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It is rare to encounter a remake of a classic that actually lives up to the original, while at the same time not being redundant by simply recreating the previous film without any real need or improvements. A tributary homage to F.W. Murnau's silent classic "Nosferatu," Werner Herzog's 1979 "Nosferatu: Phantom der Nacht" ("Nosferatu the Vampyre") for the most part follows the older film's plot in its broader strokes, just as the original did with its adaptation of Bram Stoker's famous vampire novel "Dracula" - only this time the characters are actually named after the book's characters due to relapsed copyright (even if inexplicably the names of Lucy and Mina from the novel have been switched around for the two characters, with Lucy here being Jonathan Harker's wife) and some key changes in plot also differentiating it from the gazillion other "Dracula" adaptations. Klaus Kinski, in his second collaboration with Herzog after "Aguirre," takes on the role of Count Dracula, but presents a very different version of the count to the more typical depictions popularised by Bela Lugosi that turned him into a suave and erotic monster in gentleman's clothing, instead showing him as a pitiful and jealous creature who cannot die: miserable, lonely, and hungry for the love Lucy (Isabelle Adjani) bestows on her husband.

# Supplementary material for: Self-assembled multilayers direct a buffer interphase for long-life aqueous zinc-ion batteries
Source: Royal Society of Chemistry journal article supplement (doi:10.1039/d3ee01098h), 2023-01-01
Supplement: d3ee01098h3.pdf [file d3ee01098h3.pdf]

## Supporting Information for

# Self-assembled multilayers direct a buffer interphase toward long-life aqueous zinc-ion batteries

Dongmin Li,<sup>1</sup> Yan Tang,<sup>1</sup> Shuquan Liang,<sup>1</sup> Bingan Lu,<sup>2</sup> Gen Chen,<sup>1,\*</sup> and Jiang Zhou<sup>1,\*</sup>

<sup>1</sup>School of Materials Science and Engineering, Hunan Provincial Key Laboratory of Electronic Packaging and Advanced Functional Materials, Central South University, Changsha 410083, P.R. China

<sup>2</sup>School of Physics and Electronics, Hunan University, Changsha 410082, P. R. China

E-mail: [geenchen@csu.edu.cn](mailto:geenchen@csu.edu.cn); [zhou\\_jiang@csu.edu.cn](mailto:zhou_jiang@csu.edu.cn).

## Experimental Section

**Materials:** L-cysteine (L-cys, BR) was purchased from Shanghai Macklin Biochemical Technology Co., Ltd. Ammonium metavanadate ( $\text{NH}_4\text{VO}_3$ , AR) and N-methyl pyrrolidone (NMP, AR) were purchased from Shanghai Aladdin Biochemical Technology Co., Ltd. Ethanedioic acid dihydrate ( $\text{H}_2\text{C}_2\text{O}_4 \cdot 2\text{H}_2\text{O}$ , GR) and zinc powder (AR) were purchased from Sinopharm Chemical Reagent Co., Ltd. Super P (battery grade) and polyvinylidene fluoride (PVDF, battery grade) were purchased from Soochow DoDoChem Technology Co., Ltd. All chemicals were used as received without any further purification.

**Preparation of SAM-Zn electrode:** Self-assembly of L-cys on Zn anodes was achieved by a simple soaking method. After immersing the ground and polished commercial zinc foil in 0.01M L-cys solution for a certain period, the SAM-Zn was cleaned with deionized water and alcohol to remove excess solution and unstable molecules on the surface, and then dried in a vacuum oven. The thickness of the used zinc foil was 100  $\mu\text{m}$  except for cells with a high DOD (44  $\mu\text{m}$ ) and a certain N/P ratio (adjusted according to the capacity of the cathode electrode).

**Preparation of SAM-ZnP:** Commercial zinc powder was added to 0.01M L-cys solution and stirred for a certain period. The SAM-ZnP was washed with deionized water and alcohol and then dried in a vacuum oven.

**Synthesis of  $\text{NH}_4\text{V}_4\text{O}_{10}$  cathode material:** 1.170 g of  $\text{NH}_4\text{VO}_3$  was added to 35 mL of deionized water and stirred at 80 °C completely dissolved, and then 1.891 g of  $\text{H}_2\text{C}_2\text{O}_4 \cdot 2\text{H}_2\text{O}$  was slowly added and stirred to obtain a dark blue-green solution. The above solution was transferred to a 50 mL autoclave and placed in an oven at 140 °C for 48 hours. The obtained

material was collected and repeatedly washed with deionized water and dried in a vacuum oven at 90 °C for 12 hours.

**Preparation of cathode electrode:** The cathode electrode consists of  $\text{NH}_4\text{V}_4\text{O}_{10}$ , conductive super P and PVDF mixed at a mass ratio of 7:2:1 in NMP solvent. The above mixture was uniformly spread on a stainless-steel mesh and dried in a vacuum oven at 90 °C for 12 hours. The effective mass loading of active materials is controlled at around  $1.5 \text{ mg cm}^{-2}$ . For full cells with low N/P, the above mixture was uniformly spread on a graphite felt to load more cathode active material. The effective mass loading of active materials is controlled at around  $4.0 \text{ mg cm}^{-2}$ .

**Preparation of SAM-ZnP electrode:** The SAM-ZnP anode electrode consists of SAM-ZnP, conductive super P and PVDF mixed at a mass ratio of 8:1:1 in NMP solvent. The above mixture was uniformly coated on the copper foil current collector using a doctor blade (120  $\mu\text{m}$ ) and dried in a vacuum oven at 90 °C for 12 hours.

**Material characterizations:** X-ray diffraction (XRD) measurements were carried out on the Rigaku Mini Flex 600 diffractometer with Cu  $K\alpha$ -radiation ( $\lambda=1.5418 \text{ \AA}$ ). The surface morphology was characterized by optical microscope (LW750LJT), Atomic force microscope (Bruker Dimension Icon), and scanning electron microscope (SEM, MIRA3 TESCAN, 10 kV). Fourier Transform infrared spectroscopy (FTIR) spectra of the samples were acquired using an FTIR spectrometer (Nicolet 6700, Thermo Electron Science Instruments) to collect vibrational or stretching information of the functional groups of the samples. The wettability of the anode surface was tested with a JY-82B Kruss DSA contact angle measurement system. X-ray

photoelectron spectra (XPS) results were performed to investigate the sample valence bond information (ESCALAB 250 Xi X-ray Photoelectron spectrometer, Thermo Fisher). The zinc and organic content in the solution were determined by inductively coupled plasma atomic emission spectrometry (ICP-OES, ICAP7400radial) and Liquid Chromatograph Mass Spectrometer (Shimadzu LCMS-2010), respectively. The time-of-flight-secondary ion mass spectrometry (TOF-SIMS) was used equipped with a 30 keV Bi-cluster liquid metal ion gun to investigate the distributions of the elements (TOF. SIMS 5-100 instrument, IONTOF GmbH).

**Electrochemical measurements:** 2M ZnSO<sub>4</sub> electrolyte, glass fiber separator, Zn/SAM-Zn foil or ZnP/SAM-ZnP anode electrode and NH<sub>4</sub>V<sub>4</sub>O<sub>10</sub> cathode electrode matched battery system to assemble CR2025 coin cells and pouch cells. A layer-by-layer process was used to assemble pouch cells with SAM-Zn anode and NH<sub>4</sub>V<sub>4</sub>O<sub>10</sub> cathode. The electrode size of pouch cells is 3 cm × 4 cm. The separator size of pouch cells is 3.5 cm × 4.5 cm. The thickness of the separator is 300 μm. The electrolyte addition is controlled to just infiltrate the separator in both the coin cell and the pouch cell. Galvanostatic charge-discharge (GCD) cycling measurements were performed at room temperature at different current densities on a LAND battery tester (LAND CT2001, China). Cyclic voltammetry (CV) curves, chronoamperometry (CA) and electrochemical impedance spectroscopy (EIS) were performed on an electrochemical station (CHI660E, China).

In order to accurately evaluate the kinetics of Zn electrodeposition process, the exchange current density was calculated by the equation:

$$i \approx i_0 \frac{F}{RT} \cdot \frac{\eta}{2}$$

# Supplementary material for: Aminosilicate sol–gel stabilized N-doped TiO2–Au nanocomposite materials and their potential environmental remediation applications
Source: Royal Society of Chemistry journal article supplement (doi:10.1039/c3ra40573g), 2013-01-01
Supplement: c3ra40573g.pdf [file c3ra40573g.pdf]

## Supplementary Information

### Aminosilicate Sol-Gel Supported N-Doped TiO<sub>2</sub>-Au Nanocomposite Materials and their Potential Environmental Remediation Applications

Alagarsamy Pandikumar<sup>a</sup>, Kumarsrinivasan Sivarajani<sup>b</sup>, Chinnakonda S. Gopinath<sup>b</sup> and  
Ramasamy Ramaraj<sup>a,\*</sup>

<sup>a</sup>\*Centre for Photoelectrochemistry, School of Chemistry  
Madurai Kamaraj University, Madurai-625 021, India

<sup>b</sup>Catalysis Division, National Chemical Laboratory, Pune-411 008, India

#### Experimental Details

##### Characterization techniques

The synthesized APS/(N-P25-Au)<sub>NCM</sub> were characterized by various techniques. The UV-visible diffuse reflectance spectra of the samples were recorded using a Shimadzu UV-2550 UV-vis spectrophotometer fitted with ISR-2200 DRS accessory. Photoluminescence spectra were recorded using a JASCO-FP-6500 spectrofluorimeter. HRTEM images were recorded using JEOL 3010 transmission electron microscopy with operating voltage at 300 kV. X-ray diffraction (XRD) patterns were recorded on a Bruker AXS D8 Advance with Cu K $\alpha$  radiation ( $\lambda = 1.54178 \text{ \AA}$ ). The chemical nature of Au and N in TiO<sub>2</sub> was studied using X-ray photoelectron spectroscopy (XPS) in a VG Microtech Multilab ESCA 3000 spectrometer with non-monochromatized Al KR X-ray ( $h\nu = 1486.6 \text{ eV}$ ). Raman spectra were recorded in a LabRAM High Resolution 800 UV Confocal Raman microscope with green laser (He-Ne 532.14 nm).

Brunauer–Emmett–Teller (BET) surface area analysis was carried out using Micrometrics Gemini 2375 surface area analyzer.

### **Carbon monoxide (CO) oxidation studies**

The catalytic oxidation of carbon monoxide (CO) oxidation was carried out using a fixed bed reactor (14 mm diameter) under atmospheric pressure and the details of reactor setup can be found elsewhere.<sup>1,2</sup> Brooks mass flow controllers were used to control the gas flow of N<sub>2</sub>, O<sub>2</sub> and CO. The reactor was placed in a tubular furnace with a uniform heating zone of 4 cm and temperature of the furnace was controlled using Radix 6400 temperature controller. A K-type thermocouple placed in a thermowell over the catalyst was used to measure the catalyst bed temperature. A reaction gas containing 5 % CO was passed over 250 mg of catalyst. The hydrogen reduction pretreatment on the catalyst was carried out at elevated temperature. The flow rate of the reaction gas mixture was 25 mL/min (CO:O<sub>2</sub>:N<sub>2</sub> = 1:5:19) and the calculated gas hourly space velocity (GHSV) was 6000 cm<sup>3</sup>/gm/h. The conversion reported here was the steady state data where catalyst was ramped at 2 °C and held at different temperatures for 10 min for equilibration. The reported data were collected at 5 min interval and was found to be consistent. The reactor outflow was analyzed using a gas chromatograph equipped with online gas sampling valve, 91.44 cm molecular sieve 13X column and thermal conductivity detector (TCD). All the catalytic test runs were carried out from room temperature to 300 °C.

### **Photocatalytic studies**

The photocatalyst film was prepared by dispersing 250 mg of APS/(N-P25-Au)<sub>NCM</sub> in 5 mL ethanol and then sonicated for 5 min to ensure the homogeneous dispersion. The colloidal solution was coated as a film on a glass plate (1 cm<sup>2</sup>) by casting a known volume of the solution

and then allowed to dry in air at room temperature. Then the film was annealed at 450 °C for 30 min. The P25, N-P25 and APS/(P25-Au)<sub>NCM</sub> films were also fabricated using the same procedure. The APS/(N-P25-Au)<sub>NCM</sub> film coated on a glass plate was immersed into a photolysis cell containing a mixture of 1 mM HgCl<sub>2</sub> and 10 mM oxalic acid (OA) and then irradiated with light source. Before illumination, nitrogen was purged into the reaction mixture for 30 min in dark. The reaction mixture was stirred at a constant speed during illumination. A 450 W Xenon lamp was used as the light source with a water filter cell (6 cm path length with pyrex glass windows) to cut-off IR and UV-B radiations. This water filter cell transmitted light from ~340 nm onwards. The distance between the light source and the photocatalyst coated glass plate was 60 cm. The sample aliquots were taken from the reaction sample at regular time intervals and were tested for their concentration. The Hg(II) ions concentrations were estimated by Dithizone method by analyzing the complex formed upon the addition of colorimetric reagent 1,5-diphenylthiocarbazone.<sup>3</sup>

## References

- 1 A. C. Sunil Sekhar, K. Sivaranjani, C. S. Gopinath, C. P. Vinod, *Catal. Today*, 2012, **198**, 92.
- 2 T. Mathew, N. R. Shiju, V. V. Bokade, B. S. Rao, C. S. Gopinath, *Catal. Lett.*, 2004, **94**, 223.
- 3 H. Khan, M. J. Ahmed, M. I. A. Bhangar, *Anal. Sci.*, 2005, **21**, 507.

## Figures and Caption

There is nothing romantic in this interpretation of the vampire, but still Dracula isn't just a mindless monster as in Murnau's film, rather showing a level of depravity the vampire cannot free himself from, while despising what he has become and hating how far he has fallen over the centuries. Similarly the movie perverts the Victorian era portrayals of many of the other characters from the source material, none perhaps more than the perennially popular Abraham Van Helsing (played by Walter Ladengast), who here is shown to be almost impotent in his inability to make a difference to anything that's happening around him, let alone understanding any of it at all, while the moment he finally does do something actively heroic against the dark forces of Dracula's corruptive power, he ends up being punished with perhaps one of the most ironic endings the character has ever experienced. With its more chilling and tragic conclusion, and a level of grimness that strips away a lot of the more romantic connotations from the Dracula mythos (including a spreading plague in the city following Dracula's arrival to his new home and the repeating imagery of death throughout), this is a beautifully made film that honours the original "Nosferatu," yet still offers something new to the table to make it a remake that doesn't pale in comparison to the older movie's classic status. (c) berlioz 2014